As 2010 got underway, the rains arrived late.  The rainy season in general was rather mild, or so I was told.  But by February, lines of dark clouds would suddenly burst onto the scene on a daily basis.  There was no better place to feel the intensity of the rain than from inside the classroom.  Since the roof to all the school's classrooms were sheets of corrugated metal, the sound of something hitting it – whether it be a tree branch or small droplet of water – would echo loudly throughout the room.  In the middle of my lesson, the rain might start tapping the metal roof intermittently.  I’d elevate my voice a few notches.  If I excelled at anything, it was projecting my voice throughout the room.  Yet the rain kept coming and the competition was on.  I’d try to carry on speaking, pretending to ignore the sound of water falling from the sky.  As the rain began to come down harder and louder, one by one it would grab the learners’ attention away from the lesson.  I was losing. 

Streams of water would rush off of the room and splash into an already flooded courtyard.  I talked louder, but as the clouds truly unleashed their full power, it ceased to be much of a competition.  The learners couldn’t hear a word I was saying.  Heck, I couldn’t even hear myself.  At that point I just stood there waiting for the rain's burst of energy to dwindle.  Sometimes it’d take a few minutes before I could properly resume the lesson.

One time, after a heavy downpour, the pelting sound of the rain subsided and a grade 11 learner in my English class, Walter, raised his hand.  I acknowledged his wish to speak.

“Mr. Wes, when the rain is raining we can’t hear anything.”

“Yeah, I know,” I said.  What did he just say?  I asked him, “Did you say the rain is raining?”

“Yes, the rain is raining,” he replied. 

“I don’t think that’s right,” I told him.  I always tried to be diplomatic when correcting the learners’ speech instead of just telling them, “You’re just flat out wrong!” because some of the learners were a bit sensitive since English was supposed to be one of their first languages.  “What you mean to say Walter is, ‘It’s raining.’”   

“Ooh, sir!” he said in mild protest.  The use of ooh in Namibia was another unique part of their English vernacular.  They said it frequently when beginning a sentence.  I was somewhat bothered by it in the beginning.  To me it sounded strange, but it was something I just had to get used to.  Walter continued, “I think it is you who is wrong.  In Namibia, we say 'The rain is raining.'”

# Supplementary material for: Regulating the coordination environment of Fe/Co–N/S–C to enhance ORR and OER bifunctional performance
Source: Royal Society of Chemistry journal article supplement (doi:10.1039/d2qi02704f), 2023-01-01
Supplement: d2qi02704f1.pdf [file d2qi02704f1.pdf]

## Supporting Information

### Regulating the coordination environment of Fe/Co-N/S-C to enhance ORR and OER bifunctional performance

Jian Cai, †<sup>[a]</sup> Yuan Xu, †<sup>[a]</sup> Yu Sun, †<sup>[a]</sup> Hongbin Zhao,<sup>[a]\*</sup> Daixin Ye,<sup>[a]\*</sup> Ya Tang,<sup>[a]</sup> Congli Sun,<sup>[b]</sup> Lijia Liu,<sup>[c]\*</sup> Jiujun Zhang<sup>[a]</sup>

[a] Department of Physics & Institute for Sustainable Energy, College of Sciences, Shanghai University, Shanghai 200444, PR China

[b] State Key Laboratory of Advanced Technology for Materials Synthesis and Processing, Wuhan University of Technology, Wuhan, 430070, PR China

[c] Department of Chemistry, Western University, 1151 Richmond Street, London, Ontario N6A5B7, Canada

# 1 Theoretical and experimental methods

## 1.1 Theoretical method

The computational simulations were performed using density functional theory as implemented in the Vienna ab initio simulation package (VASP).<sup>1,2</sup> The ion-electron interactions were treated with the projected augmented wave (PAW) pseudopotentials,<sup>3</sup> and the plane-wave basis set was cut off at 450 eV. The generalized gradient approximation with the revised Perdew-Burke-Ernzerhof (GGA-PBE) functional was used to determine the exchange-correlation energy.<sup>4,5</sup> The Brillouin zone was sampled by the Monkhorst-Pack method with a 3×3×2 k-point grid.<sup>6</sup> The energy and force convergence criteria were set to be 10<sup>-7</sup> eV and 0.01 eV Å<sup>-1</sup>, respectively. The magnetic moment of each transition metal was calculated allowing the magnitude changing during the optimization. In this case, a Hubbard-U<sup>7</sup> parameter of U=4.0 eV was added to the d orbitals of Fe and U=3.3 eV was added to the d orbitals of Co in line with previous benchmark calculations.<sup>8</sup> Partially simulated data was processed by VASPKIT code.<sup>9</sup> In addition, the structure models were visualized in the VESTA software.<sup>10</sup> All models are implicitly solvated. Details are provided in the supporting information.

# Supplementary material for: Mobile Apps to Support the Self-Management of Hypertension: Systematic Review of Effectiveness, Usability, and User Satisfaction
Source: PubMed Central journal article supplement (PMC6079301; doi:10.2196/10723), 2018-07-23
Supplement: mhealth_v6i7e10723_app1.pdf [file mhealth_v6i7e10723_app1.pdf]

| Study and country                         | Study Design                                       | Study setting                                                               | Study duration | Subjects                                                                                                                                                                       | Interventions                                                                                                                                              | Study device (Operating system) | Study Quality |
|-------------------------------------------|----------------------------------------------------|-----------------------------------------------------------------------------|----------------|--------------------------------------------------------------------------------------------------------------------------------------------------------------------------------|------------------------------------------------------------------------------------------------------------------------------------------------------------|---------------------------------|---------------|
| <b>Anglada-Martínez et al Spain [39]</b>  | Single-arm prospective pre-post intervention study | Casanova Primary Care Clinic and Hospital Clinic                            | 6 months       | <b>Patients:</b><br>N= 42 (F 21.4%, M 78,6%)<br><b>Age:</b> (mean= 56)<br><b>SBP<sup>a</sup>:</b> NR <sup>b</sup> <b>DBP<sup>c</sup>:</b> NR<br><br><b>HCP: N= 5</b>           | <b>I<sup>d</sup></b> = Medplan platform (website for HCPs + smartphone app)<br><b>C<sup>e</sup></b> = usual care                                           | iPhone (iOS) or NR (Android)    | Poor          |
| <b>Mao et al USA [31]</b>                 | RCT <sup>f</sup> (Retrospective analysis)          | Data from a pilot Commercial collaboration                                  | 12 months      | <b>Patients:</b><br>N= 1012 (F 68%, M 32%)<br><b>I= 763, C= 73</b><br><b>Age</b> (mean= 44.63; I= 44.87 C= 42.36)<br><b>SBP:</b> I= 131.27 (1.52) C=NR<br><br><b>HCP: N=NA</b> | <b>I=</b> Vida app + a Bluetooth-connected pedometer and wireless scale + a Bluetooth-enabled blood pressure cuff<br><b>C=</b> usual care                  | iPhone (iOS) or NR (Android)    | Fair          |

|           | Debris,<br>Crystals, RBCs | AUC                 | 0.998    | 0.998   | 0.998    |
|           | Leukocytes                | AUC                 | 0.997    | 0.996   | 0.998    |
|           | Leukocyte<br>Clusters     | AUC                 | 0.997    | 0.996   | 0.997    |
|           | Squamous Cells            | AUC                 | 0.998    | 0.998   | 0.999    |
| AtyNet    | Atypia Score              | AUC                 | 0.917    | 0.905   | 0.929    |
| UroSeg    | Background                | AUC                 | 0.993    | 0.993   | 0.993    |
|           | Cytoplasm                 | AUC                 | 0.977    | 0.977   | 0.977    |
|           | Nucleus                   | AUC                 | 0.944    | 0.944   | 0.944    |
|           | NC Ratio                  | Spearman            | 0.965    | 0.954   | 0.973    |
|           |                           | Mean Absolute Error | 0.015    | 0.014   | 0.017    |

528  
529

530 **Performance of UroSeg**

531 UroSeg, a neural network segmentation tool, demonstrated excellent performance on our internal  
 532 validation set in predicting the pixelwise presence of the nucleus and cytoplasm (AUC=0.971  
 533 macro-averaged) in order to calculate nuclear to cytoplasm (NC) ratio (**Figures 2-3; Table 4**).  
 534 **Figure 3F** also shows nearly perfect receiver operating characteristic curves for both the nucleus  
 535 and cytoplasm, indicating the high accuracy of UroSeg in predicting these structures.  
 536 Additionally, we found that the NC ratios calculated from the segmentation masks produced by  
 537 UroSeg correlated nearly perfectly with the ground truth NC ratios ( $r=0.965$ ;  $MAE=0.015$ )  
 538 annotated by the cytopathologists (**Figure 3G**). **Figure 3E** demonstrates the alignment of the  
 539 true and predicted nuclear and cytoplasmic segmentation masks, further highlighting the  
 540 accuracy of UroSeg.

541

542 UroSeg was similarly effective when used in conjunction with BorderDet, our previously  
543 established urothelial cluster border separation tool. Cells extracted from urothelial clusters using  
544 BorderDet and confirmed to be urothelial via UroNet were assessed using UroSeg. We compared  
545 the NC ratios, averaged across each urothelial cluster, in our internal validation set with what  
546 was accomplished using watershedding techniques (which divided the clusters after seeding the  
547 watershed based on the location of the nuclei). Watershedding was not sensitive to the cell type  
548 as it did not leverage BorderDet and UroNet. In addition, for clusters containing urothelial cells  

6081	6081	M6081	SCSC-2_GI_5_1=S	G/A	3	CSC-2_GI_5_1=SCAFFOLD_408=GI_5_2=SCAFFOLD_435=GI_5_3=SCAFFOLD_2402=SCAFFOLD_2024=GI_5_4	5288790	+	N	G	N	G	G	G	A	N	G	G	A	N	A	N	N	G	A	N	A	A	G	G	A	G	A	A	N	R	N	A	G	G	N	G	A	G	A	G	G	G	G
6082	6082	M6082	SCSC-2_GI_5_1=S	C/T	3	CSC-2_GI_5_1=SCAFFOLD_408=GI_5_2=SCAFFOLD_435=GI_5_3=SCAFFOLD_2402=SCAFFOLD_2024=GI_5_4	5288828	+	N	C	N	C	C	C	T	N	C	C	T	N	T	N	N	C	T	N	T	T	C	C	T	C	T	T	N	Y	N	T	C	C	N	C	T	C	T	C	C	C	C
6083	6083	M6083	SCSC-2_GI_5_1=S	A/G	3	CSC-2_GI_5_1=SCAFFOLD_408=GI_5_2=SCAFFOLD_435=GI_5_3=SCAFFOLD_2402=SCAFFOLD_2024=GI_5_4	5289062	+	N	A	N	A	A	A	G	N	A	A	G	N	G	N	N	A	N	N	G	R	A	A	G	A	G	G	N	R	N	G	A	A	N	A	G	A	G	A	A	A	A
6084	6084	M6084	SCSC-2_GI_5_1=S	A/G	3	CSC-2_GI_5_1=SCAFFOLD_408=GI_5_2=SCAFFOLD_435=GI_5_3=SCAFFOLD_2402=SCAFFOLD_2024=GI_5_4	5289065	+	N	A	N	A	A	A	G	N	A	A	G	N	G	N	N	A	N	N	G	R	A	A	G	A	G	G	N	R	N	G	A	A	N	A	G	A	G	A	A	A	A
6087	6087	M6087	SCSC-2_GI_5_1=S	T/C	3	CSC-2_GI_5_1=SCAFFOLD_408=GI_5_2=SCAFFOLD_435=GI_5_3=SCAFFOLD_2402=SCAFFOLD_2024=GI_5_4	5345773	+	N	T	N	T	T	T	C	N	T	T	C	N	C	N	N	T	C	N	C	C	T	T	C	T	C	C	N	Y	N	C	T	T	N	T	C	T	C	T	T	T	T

Other students confirmed Walter’s assertion.  To them, the rain was, in fact, raining.  The learners became more active and interested in this discussion since my authority of English was being questioned.  More people rallied to Walter’s side with similar comments.   

“Of course the rain is raining.”

“Look at what the rain is doing now – raining!”

“Ooh…Mr. Wes, how can the rain not be raining?”

It was 43 against 1.  Therefore, I didn’t stand much of a chance.  Worse yet, I was caught so off guard by this that I couldn’t explain that it was improper English.  In three years of teaching English, I’d never been questioned as to why this is.  To me, you just always say, “It’s raining.”     

The pronoun it is a singular neuter pronoun that can be used to describe any physical or physiological subject and/or object.  According to it’s Wikipedia page – that’s right, I’m citing an open-source reference – the pronoun also serves as a place-holder subject in sentences with no identifiable actor.  In this case, the pronoun it is called a dummy pronoun, whereas it does not refer to any particular agent.  An example sentence of this use would be – drum roll, please – It is raining.

At the time, I was the one who looked like dummy since I had no idea that a dummy pronoun even existed.  All I told them was that it is a generic reference to the weather.  But this isn’t even correct.  I then asked them if it’s possible in other cases as well, such as the snow is snowing.  To which, I received this response.

“Ooh, Mr. Wes, we have never seen snow.  So how can we know if the snow is snowing?  But I’m looking at the rain raining right now.” 

I couldn’t fault them for this logic.  Empirical evidence is often the best way to formulate your thoughts and opinions.  But English grammar is fact, not opinion.  Or is it?  This was my introduction as to a completely different usage of English.  And there were many more instances to come.  I discovered many differences in both pronunciation and vocabulary, which often caused great confusion on my part.  Who’s to say exactly where, and to what extent, an imperialist form of proper English should extend its authority?  Arguably, you could say that areas like rural Namibia are asking for English autonomy.  In some ways, it seems like proper English is powerless because even in my little village of Omungwelume, the rain is raining on its parade.

Sunday, June 15, 2014

Restaurant Role Play for Learners of English as a Second Language

The Restaurant Activity

Overview:
Role plays are a great way for students to actively engage in a lesson. When choosing the type of role play, teachers need to take into consideration the age of the students and the context of the activity. A fabulous role play that students of just about all ages can relate to and understand involves the restaurant environment.